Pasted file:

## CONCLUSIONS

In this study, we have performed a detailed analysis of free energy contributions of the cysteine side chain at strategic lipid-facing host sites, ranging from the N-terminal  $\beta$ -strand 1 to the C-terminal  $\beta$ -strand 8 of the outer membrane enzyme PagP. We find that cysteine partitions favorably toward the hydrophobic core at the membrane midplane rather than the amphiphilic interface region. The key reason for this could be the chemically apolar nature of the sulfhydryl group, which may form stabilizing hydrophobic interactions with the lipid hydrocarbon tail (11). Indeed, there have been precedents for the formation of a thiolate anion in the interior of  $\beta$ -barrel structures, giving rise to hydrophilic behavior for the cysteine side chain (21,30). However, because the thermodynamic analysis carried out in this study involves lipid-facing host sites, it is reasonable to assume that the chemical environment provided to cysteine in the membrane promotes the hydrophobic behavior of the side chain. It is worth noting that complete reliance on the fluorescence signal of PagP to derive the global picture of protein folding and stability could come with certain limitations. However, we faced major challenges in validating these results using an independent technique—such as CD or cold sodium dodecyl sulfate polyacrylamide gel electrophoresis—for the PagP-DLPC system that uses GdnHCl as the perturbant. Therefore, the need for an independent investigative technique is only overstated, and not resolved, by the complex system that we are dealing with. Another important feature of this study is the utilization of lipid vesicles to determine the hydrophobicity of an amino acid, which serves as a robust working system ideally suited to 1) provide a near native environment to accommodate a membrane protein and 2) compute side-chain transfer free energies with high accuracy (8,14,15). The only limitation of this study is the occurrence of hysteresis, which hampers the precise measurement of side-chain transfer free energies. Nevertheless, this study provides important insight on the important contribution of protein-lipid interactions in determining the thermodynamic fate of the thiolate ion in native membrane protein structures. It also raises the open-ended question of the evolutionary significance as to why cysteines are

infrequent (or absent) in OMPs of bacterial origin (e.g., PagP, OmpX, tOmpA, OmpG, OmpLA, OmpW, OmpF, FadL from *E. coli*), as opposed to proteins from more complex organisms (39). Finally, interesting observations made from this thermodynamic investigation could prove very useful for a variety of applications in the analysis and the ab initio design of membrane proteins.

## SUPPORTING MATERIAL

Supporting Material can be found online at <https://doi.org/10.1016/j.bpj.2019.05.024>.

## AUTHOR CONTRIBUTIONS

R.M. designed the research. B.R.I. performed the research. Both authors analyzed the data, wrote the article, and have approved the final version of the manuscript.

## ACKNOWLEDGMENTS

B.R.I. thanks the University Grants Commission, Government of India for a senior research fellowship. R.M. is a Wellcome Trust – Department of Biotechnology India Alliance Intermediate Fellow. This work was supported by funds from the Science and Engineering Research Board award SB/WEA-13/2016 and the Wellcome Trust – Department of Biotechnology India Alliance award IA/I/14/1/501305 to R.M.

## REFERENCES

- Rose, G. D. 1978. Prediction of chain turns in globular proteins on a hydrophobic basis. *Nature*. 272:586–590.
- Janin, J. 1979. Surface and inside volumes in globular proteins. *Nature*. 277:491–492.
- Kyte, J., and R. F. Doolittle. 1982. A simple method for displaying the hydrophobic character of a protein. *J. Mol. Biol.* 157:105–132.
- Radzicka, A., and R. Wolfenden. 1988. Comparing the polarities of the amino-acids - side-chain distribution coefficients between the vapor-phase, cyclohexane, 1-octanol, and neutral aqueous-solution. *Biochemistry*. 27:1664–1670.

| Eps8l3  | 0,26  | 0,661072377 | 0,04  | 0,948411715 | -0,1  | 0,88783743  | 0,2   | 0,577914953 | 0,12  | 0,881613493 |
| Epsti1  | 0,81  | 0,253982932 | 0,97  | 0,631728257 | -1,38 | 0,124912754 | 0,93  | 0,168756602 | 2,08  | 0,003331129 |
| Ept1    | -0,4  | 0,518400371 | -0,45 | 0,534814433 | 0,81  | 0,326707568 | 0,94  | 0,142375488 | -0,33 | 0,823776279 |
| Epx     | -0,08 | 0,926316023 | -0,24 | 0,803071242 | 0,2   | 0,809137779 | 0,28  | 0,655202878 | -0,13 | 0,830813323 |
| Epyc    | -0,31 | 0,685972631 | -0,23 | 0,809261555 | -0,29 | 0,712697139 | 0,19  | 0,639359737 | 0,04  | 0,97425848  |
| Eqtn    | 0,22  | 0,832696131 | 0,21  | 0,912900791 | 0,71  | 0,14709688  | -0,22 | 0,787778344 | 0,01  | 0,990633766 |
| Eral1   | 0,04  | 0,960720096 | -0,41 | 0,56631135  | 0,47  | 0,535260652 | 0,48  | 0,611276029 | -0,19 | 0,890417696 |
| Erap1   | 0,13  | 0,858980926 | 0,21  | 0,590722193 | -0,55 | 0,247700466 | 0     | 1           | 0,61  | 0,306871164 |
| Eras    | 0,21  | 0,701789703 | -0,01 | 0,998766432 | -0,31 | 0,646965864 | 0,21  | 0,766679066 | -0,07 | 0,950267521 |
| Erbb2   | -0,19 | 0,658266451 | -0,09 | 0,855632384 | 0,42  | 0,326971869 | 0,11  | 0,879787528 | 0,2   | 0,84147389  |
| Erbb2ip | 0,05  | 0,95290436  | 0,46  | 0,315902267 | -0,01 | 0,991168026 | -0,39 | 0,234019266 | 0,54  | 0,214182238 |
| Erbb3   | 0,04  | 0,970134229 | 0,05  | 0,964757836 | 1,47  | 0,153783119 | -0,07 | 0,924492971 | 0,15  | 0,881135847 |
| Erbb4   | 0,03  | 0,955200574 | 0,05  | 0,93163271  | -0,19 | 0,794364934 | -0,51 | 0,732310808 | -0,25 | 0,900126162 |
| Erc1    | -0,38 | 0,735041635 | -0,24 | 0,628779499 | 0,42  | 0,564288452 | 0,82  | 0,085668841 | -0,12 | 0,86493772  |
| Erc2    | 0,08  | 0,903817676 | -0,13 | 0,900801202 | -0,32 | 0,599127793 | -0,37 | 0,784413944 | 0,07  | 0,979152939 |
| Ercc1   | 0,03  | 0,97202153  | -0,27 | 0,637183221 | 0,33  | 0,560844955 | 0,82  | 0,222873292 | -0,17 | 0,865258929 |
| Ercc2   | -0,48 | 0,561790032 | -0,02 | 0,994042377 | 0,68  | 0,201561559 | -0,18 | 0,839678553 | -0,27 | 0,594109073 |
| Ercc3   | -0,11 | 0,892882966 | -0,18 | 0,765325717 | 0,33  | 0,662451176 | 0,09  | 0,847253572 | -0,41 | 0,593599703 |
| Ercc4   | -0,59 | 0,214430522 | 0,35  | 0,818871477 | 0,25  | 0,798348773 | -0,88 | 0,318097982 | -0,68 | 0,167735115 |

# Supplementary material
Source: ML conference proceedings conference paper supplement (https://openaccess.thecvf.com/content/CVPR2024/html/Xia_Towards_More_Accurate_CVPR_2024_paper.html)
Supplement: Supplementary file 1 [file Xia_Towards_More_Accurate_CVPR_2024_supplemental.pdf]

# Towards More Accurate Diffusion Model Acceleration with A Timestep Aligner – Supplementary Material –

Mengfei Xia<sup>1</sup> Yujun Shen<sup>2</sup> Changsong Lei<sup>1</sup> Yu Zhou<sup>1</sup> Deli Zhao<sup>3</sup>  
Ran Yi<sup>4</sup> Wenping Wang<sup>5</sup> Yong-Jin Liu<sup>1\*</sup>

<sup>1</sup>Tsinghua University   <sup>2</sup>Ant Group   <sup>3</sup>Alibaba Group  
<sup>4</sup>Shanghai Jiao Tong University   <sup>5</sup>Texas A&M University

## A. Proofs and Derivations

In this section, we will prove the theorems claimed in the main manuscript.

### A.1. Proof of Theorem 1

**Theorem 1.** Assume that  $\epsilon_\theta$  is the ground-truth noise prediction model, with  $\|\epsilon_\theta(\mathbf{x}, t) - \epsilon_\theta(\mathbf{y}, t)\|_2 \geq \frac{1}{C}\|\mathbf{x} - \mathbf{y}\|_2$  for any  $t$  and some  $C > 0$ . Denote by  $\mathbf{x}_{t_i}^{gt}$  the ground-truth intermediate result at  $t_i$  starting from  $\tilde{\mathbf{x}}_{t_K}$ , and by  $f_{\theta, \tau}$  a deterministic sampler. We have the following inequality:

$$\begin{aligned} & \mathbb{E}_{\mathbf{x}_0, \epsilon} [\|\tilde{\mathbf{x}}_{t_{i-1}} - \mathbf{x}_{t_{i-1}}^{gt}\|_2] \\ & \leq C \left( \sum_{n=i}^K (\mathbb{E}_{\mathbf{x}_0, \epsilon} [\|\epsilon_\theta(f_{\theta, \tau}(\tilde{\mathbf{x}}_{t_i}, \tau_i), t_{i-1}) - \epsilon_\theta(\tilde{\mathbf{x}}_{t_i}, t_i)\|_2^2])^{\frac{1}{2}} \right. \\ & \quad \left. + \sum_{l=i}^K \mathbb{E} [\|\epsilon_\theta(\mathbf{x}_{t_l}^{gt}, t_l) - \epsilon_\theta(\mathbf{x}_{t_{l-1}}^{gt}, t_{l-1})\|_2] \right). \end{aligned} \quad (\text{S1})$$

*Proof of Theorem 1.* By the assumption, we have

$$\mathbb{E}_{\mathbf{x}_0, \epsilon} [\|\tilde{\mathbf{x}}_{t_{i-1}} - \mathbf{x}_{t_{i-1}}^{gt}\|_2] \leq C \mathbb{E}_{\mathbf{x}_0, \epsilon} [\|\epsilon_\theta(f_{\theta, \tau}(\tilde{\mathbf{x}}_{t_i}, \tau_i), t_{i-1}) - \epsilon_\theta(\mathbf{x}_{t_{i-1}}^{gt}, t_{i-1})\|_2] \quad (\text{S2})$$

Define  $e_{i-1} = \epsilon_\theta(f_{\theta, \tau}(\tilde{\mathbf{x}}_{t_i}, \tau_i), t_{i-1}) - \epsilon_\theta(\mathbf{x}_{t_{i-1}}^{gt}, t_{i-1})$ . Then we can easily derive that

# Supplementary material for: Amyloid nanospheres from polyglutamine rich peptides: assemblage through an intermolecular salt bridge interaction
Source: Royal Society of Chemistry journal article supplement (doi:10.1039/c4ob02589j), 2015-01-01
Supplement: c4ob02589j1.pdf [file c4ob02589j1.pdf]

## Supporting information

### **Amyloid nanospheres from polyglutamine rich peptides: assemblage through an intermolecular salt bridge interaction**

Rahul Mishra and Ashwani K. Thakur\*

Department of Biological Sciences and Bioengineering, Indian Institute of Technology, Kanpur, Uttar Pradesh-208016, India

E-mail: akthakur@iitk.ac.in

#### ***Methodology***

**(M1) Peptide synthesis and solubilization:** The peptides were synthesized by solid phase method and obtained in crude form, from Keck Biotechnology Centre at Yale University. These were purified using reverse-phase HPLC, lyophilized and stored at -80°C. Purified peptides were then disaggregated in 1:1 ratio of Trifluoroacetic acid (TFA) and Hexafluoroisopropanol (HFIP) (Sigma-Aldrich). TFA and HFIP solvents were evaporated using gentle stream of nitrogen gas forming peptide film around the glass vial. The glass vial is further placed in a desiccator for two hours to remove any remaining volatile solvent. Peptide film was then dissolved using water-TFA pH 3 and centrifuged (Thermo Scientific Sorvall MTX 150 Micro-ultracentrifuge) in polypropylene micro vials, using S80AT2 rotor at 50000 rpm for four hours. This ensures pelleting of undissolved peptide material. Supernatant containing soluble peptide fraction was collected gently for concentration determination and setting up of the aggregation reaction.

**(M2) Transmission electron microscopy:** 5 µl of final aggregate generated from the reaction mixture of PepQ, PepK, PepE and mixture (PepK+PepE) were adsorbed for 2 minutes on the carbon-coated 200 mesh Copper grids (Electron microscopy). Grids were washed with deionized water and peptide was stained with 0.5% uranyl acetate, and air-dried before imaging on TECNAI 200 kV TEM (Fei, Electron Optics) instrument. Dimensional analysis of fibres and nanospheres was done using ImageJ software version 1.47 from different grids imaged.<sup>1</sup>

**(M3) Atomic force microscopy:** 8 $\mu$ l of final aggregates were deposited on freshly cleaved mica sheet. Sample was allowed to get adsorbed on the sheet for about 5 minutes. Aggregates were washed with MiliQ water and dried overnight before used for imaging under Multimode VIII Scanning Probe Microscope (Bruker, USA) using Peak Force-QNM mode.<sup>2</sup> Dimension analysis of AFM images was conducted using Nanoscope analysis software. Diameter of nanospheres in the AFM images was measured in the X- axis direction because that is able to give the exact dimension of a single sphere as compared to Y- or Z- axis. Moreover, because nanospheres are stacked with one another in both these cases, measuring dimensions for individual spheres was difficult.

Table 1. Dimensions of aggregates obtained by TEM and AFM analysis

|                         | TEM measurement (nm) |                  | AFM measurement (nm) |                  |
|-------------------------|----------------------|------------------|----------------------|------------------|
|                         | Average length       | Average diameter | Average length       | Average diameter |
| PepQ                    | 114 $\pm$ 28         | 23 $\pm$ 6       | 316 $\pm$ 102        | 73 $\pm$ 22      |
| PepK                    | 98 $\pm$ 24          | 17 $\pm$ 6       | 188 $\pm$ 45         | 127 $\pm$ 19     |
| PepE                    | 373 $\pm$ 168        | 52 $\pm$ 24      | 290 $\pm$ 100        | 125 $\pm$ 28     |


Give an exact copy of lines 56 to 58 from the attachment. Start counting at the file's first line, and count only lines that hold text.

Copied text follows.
Department of Biological Sciences and Bioengineering, Indian Institute of Technology, Kanpur, Uttar Pradesh-208016, India

E-mail: akthakur@iitk.ac.in

#### ***Methodology***